The Queen's speech confirms the government's 'blue-sky thinking' - what is on the horizon for employment law?
Author: Katie Marsden
Applies to: England, Wales and Scotland
The recent Queen's speech has outlined the new Conservative government's legislative plans confirming an in/out referendum on the UK's membership in the European Union to take place by 2017 at the latest.
We also had confirmation of a Childcare Bill which aims to help working people 'by greatly increasing the provision of free childcare'. The proposals include 30 hours' entitlement a week of free childcare for parents of three and four year olds for 38 weeks of the year.
The focus is now on what other plans the Conservative government intend to implement and how this will impact employers.
Below we summarise the headline employment policies:
National minimum wage
- increase minimum wage to £6.70 by the autumn and to £8 by the end of the decade (2020)
- raise the tax free personal allowance to £12,500 by 2020 so that those working 30 hours on the minimum wage pay no income tax at all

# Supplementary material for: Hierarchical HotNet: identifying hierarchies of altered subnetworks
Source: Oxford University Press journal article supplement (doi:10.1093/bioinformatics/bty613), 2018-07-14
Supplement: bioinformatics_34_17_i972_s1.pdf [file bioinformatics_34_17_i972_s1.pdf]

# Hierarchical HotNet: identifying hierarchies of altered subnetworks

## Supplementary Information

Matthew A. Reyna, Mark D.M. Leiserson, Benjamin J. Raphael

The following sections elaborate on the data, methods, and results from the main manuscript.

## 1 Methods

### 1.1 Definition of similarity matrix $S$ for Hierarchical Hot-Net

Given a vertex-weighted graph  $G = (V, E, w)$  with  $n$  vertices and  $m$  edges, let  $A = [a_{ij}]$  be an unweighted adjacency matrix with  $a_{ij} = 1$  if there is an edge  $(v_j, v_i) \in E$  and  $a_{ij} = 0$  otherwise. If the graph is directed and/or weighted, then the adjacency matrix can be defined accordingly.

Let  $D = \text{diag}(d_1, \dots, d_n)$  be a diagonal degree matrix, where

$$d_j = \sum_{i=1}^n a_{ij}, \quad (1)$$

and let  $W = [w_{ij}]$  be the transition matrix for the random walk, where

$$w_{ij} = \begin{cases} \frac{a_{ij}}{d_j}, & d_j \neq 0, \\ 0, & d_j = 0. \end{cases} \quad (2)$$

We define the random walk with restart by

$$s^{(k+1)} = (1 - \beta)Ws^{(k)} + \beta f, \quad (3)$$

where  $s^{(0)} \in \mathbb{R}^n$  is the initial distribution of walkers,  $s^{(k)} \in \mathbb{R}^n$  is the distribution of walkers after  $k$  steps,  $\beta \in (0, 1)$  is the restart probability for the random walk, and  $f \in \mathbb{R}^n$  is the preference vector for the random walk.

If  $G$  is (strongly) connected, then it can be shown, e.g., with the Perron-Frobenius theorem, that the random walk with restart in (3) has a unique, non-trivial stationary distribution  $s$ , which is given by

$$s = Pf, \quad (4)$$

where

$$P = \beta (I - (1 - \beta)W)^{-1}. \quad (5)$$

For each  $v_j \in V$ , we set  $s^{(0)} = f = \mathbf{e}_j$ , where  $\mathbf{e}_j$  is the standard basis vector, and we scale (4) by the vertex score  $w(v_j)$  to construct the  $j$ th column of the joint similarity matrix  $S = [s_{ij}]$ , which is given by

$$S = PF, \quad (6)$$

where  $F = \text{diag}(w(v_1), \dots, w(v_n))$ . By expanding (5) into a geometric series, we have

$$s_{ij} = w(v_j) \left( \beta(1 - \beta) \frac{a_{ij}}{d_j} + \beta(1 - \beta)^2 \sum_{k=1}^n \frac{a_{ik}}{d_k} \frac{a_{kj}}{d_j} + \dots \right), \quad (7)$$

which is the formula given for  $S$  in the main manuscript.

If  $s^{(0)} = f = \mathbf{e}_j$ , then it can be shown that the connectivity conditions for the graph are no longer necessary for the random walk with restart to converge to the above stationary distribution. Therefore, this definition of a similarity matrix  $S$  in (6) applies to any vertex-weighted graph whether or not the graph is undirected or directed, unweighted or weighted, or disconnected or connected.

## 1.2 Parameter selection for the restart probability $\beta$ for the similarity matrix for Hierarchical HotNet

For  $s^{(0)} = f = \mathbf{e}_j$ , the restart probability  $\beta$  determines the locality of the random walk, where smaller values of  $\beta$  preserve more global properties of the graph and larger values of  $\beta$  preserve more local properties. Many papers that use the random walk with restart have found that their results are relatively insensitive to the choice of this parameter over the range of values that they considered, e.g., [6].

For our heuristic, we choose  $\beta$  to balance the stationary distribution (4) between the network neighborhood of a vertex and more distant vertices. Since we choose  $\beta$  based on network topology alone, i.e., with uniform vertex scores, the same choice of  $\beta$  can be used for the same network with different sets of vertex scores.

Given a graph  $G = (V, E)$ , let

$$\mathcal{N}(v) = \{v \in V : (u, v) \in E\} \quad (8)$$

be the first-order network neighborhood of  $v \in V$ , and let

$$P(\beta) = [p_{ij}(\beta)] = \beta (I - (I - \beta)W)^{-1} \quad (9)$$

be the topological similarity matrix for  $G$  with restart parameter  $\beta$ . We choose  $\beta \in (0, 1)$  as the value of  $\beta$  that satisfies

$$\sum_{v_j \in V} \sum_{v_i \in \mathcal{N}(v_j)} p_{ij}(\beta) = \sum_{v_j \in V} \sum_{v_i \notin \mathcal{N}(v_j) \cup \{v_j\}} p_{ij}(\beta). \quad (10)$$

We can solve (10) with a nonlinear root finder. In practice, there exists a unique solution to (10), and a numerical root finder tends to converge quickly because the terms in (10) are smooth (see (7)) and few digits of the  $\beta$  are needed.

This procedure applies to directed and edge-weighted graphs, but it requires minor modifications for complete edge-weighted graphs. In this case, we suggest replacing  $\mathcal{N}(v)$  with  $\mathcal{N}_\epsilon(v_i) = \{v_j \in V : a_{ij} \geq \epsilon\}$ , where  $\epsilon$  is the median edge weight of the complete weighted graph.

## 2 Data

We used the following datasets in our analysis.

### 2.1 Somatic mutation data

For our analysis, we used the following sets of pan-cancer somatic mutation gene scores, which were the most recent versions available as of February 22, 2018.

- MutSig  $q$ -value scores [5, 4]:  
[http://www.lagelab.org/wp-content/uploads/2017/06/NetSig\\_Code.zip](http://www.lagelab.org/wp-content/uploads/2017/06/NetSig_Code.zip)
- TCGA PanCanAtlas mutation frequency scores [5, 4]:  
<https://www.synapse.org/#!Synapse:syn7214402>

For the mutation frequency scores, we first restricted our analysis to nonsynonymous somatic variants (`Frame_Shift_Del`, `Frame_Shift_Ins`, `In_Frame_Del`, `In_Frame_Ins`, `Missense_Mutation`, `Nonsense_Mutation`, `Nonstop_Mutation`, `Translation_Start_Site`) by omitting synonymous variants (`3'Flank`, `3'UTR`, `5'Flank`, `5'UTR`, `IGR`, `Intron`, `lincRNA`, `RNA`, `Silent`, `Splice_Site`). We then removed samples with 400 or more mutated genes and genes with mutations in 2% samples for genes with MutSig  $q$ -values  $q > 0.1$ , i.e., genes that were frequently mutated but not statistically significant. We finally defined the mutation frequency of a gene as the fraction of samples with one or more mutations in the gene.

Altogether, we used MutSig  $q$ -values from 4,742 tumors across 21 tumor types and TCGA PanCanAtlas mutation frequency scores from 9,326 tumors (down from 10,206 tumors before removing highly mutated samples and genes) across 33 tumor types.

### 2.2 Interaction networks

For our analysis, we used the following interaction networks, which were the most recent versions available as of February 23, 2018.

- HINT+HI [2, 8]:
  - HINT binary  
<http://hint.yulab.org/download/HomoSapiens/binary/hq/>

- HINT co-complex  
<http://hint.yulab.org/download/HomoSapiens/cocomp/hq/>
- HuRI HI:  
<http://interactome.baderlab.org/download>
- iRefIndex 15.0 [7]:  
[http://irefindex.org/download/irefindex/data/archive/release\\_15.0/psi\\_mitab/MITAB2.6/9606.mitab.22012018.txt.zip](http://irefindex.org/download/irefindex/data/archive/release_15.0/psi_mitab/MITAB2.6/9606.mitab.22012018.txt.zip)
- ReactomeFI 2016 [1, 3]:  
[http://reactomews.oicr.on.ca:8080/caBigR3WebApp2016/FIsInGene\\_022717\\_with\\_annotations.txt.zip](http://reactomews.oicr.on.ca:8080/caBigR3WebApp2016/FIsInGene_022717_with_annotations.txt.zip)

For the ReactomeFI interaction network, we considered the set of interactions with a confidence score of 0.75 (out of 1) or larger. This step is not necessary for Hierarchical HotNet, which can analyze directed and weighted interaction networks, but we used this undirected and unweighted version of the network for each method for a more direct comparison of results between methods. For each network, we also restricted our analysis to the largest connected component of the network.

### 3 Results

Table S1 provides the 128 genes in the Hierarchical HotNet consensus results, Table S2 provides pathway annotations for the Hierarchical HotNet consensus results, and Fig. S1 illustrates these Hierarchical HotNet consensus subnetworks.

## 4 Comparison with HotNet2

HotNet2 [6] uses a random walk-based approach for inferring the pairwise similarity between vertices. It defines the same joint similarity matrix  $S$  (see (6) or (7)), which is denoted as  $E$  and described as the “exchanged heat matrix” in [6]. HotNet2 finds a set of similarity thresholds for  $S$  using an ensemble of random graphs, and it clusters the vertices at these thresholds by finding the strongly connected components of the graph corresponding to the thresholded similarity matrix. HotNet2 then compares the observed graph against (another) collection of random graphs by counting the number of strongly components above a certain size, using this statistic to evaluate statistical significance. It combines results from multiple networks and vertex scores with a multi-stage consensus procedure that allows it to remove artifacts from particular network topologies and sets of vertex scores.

Zero hour contracts
- ban of exclusivity clauses in zero hour contracts (in force as of 26 May 2015)
- stronger controls on immigration - putting 'hard-working British families first'
- offence for businesses or recruitment agencies to hire abroad without first advertising in the UK
Apprenticeship/creation of jobs
- aim to create two million more jobs and three million new apprenticeships
Family friendly policies
- potentially adding maternity pay for self-employed mothers (details awaited)
- 30 hours' entitlement a week of free childcare for parents of three and four year olds for 38 weeks of the year
- 15 hours' entitlement a week of free childcare for all disadvantaged two-year-olds
- keep current fee structure in place (England & Wales only)
Pay / gender pay gap
- require companies with more than 250 employees to publish the difference between the average pay of their male and female employees
- introduction of "volunteering leave" of up to 3 days for those who work in the public sector or in companies with more than 250 employees and substantial changes to reform strike laws and industrial relations
Strike law / industrial relations
- ban strikes unless there is a turnout of 50% or more for ballots on industrial action and in the core public services, where at least 40 per cent of those eligible to vote back strike action
- end the ban on using agency staff to cover for essential striking workers
As the dust settles on one of the most unexpected and exciting general elections that the country has seen in years, it really is a case of 'watch this space' to see if the Conservatives can and do deliver on their promises.
This document is for informational purposes only and does not constitute legal advice. It is recommended that specific professional advice is sought before acting on any of the information given.